Posted June, 24th, 2024


BASE-UK members enjoyed a varied and informative farm walk in Suffolk in late May, thanks to James Bucher and his team at Hall Farm, Knettishall. 

Before heading out, James explained that having called time on sugar beet and intensive vegetable production on the light land farm back in 2021, he took the decision to be more in control of soil health by growing crops that could be harvested in the summer. 

At the same time, he also chose to adopt a regenerative approach and with the help of Ben Taylor-Davies – otherwise known as Regen Ben – he has been able to stop using fungicides, insecticides and PGRs, while nitrogen use on cereals crops has come down to 60-70kg/ha of N.

This year, every crop on the farm is being grown with a companion, after last year’s beans/oats mix proved successful. In addition, catch or cover crops are used wherever possible, while soil biology is fed with composts and drenches, made on the farm. 

Margins are up, yields are down, reported James. “The SFI has been fantastic for us, even though we will have three separate agreements to get the most from it. “We are already able to tap into payments for cover crops, companion crops, legume fallows and zero insecticide use – now the most recent announcement means that the no-till, summer cover crop and agroforestry actions are also relevant.” 

He has seen more wildlife, especially birds, on the farm since changing and moving away from intensive cultivations, with life coming back into the soils with the addition of organic matter and the reduction in soil movement. 

A local bakery, Woosters, having attended a community farm walk, was so impressed by the farm’s environmental credentials that it now buys some wheat from the farm, using it to make a sell-out loaf called Knettishall Wild. 

In such a difficult year, grass weed control was a common discussion point as the farm walk unfolded, with James commenting that this year’s very wet conditions seemed to have prevented the winter cereal crops from competing as effectively as usual. 

“We are seeing much more brome this year,” he said.

Legume Fallow 

That was apparent in the first stop on the farm walk, where a NUM3 legume fallow is being grown on some very light/degraded land. Its purpose is to build fertility and let the land rest, before bringing it back into the rotation in 2027. 

Having been drilled last June when the soils were warm, it took very well and is well on its way to achieving the aims. “We will have to address controlling the brome in it at some stage,” he agreed.

Winter Wheat Blend 

The next stop was a field of winter wheat, being grown as a multi-blend of varieties using home-saved seed from last year. Drilled in early November with some vetch, which has since been sprayed off, the crop hasn’t received any fungicides or insecticides since.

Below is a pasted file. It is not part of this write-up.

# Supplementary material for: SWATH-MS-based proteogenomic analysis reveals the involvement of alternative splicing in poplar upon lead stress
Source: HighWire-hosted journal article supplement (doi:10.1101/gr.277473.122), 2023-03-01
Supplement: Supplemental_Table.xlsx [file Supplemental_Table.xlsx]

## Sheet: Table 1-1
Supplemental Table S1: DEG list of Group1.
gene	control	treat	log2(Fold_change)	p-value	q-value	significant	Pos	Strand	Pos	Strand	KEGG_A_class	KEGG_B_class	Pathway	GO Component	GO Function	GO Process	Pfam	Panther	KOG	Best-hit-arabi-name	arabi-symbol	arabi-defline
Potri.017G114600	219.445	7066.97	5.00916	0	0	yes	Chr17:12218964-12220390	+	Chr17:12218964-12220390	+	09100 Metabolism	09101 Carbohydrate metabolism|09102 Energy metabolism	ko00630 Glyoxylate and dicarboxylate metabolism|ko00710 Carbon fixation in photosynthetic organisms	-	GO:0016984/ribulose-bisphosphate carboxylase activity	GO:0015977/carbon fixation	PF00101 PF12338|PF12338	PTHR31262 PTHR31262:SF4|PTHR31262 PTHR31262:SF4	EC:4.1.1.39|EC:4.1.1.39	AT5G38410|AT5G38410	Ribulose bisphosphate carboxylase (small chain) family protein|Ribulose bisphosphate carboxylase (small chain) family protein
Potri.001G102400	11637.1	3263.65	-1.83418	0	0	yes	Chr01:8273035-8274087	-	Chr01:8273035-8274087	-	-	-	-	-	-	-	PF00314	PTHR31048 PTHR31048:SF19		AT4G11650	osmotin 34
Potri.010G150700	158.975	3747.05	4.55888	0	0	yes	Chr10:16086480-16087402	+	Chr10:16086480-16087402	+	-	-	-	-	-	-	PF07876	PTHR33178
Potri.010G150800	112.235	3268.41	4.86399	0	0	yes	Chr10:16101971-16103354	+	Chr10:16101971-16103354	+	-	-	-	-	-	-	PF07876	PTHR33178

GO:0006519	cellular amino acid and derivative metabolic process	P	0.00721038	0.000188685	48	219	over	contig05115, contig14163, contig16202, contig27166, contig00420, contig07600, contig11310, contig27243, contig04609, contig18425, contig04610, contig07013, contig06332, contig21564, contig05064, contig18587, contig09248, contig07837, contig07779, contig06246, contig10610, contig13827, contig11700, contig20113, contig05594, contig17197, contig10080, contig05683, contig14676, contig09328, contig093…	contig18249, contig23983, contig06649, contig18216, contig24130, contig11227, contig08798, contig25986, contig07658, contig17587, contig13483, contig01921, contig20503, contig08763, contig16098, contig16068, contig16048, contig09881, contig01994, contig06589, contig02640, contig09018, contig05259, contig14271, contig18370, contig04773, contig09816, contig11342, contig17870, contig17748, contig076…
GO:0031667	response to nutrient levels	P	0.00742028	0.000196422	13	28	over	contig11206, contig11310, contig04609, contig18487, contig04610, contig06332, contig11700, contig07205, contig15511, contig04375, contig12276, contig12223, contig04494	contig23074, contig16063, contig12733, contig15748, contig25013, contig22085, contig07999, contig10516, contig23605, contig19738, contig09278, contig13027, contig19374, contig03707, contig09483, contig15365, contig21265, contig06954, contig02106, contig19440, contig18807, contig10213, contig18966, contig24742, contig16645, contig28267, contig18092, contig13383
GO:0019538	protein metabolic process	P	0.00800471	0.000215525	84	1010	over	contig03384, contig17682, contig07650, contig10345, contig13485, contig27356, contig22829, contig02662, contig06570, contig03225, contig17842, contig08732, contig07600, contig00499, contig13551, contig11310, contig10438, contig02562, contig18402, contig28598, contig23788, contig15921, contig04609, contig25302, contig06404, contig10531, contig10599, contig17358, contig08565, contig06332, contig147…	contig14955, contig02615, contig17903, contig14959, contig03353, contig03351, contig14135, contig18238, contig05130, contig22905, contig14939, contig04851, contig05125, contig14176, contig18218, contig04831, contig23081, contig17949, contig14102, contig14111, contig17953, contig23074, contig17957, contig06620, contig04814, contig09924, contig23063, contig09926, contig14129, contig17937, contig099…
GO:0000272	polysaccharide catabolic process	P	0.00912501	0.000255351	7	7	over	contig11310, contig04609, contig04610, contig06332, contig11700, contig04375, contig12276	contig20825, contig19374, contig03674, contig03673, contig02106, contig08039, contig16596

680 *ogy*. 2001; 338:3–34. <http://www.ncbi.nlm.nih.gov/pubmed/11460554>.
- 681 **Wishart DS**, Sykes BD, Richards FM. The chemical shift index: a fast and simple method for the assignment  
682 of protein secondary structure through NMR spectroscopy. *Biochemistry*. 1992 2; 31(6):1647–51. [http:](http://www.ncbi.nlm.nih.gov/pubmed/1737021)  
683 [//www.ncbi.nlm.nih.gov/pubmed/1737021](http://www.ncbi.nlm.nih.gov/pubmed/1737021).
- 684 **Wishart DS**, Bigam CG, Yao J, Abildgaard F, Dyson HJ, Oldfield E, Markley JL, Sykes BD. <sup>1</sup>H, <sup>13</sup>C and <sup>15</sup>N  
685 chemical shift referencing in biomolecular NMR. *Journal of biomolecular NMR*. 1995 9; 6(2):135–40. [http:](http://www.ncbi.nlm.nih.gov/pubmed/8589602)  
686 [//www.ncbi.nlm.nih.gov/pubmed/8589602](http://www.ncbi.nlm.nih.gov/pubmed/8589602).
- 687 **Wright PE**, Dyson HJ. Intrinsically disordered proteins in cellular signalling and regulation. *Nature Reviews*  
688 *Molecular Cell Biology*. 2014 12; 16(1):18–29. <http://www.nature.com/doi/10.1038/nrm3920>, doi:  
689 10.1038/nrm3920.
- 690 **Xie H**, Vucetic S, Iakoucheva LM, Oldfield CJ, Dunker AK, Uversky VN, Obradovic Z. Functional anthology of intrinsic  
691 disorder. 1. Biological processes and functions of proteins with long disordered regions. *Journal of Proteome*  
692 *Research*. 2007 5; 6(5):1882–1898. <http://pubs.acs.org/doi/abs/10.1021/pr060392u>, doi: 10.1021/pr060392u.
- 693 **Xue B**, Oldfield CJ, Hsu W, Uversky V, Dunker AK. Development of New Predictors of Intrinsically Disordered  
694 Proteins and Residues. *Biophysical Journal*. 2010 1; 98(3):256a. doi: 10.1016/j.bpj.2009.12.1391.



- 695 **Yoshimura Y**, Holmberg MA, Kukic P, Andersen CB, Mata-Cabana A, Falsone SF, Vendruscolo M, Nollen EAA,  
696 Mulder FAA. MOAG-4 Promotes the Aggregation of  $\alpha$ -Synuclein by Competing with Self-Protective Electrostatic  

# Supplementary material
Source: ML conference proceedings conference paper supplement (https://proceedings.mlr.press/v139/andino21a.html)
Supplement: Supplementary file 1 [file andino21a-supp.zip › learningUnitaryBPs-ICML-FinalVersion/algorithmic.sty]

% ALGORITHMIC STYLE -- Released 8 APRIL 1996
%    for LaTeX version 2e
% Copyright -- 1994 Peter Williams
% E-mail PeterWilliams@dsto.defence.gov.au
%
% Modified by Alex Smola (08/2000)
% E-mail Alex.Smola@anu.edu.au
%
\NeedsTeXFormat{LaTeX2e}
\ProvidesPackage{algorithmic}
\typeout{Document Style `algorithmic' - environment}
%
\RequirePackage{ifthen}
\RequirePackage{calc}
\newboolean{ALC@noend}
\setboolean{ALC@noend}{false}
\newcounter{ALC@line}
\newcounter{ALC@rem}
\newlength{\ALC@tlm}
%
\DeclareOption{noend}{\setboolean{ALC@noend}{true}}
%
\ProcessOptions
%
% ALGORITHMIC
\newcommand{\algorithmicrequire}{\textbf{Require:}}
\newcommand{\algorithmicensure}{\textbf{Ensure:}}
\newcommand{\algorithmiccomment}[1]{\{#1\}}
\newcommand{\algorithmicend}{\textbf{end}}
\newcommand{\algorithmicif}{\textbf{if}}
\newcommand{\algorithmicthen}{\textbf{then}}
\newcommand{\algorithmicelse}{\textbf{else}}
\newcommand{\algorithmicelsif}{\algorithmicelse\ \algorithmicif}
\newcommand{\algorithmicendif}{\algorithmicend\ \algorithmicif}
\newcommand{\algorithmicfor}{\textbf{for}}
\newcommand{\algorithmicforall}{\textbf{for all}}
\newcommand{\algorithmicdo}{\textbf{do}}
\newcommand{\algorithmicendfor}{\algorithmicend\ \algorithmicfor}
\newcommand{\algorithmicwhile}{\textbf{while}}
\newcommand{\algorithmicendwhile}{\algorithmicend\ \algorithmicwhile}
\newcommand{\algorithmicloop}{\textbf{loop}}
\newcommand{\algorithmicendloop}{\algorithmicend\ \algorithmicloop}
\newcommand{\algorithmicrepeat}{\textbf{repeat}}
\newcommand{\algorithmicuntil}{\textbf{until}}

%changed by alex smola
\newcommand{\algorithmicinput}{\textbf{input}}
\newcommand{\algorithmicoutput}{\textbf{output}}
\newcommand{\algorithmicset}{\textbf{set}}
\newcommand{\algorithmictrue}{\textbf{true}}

Two small applications of nitrogen and sulphur had been made, along with a foliar N spray containing a carbon source, taking the total N up to 60kg.

“We would normally graze our winter cereals with sheep but this crop didn’t grow that well over the winter, so we kept them off,” said James. 

A tailored nutrition programme is used, with sap analysis guiding decision-making and preventing any deficiencies. Last year’s winter wheat blend gave just under 7t/ha at the same level of input use, he recalled.


The third stop was to look at a field of Wildfarmed wheat, which had winter beans as the companion. 

A four-way blend which was drilled in November, it is destined for the supply chain initiative started by Andy Cato and is being grown in accordance with the Wildfarmed standards. 

His first attempt to produce for Wildfarmed, the organisation’s no pesticides policy suits James, but he is wondering if there will be a weed legacy. “It may be that the spring blend would be a better option for us, as we could use glyphosate pre-drilling and start with a clean sheet.”

Oilseed Rape 

The fourth stop was to look at a crop of oilseed rape, which was drilled in the second week of August with both white and berseem clover, as well as buckwheat. 

With the clover now reaching quite a height, the discussion centred around the best way to harvest the crop and whether swathing would be required. “It’s only our second year of growing oilseed rape on the farm,” commented James. “It’s the conventional variety Campus and it has received a total of 10kg of nitrogen.”


The final stop on the farm walk was to look at an agroforestry project, which has been developed with the support of the Woodland Trust. 

Eight rows of trees, planted in 4m flower margins at 24m intervals across the field, are a mix of hazel and other natives for short rotation coppice, as well as various fruit and nut trees. They are helping to change the landscape and support biodiversity, as well as provide resilience. 

Between the rows, a crop of oats and vetch is growing this year, with topping taking place to keep brome levels in check. Fencing funded by a Countryside Stewardship capital grant is being considered, to protect the young trees from deer. 

The eventual plan is for local farm shops to market the fruit, with Hodmedod’s taking the hazelnuts and walnuts. The farm has two woodchip boilers, so the ability to cut and leave timber, before chipping it, works well. Woodchip is also used to make the farm’s compost, which is fungally dominated. 

“It will be five years before coppicing starts,” revealed James.